Will the Mars Hoax meme find a new unwitting audience, and with it, new life?

Sleep tight…. we’ll be covering real science stories in the meantime, ’til we’re called to do battle with the Mars Hoax once again.

Naming Pluto: Christening Features on Brave New Worlds

‘Here be Dragons…’ read the inscriptions of old maps used by early seafaring explorers. Such maps were crude, and often wildly inaccurate.

The same could be said for our very understanding of distant planetary surfaces today. But this week, we’ll be filling in one of those ‘terra incognita’ labels, as New Horizons conducts humanity’s very first reconnaissance of Pluto and its moons.

The closest approach for New Horizons is set for Tuesday, July 14th at 11:49 UT/7:49 AM EDT, as the intrepid spacecraft passes 12,600 kilometres (7,800 miles) from Pluto’s surface. At over 4 light hours or nearly 32 astronomical units (AUs) away, New Horizons is on its own, and must perform its complex pirouette through the Pluto system as it cruises by at over 14 kilometres (8 miles) a second.

This also means that we’ll be hearing relatively little from the spacecraft on flyby day, as it can’t waste precious time pointing its main dish back at the Earth. With a downlink rate of 2 kilobits a second—think ye ole 1990’s dial-up, plus frozen molasses—it’ll take months to finish off data retrieval post flyby. A great place to watch a simulation of the flyby ‘live’ is JPL’s Eyes on the Solar System, along with who is talking to New Horizons currently on the Deep Space Network with DSN Now.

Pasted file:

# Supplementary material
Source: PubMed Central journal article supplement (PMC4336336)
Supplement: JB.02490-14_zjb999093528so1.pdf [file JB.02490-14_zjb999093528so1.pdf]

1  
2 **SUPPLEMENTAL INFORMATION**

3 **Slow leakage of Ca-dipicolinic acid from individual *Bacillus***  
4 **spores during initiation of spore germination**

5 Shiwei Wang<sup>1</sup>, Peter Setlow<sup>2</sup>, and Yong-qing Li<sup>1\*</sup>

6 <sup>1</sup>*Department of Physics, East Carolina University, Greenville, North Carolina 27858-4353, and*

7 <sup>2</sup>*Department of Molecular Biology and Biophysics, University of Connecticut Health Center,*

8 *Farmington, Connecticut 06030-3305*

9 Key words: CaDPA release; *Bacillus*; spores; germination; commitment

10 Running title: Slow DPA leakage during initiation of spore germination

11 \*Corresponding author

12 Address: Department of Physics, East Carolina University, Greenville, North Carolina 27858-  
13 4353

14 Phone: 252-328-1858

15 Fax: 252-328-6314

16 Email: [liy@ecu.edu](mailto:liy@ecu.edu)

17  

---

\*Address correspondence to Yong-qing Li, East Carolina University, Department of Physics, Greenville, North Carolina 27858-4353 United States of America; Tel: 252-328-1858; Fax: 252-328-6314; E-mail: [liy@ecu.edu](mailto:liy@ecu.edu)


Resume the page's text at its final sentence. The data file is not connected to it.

A snapshot of the current July 13th view of New Horizons as it nears Pluto. (Image credit: NASA's Eyes on the Solar System).
A snapshot of the current July 13th view of New Horizons as it nears Pluto. (Image credit: NASA’s Eyes on the Solar System).

Launched in 2006, New Horizons is about to join the ranks of nuclear-fueled explorers that have conducted first time reconnaissance of solar system objects.

Bob King also wrote up an excellent timeline of New Horizons events for Universe Today yesterday. Also be sure to check out the Planetary Society’s in-depth look at what to expect by Emily Lakdawalla.

Seems strange that after more than a decade of recycling the same blurry images and artist’s conceptions in articles, we’re now getting a new and improved shot of Pluto and Charon daily!

To follow the tale of Pluto is to know the story of modern planetary astronomy. Discovered in 1930 by American astronomer Clyde Tombaugh from the Lowell Observatory, Pluto was named by 11-year old Venetia Burney. Venetia just passed away in 2009, and there’s a great short documentary interview with her entitled Naming Pluto.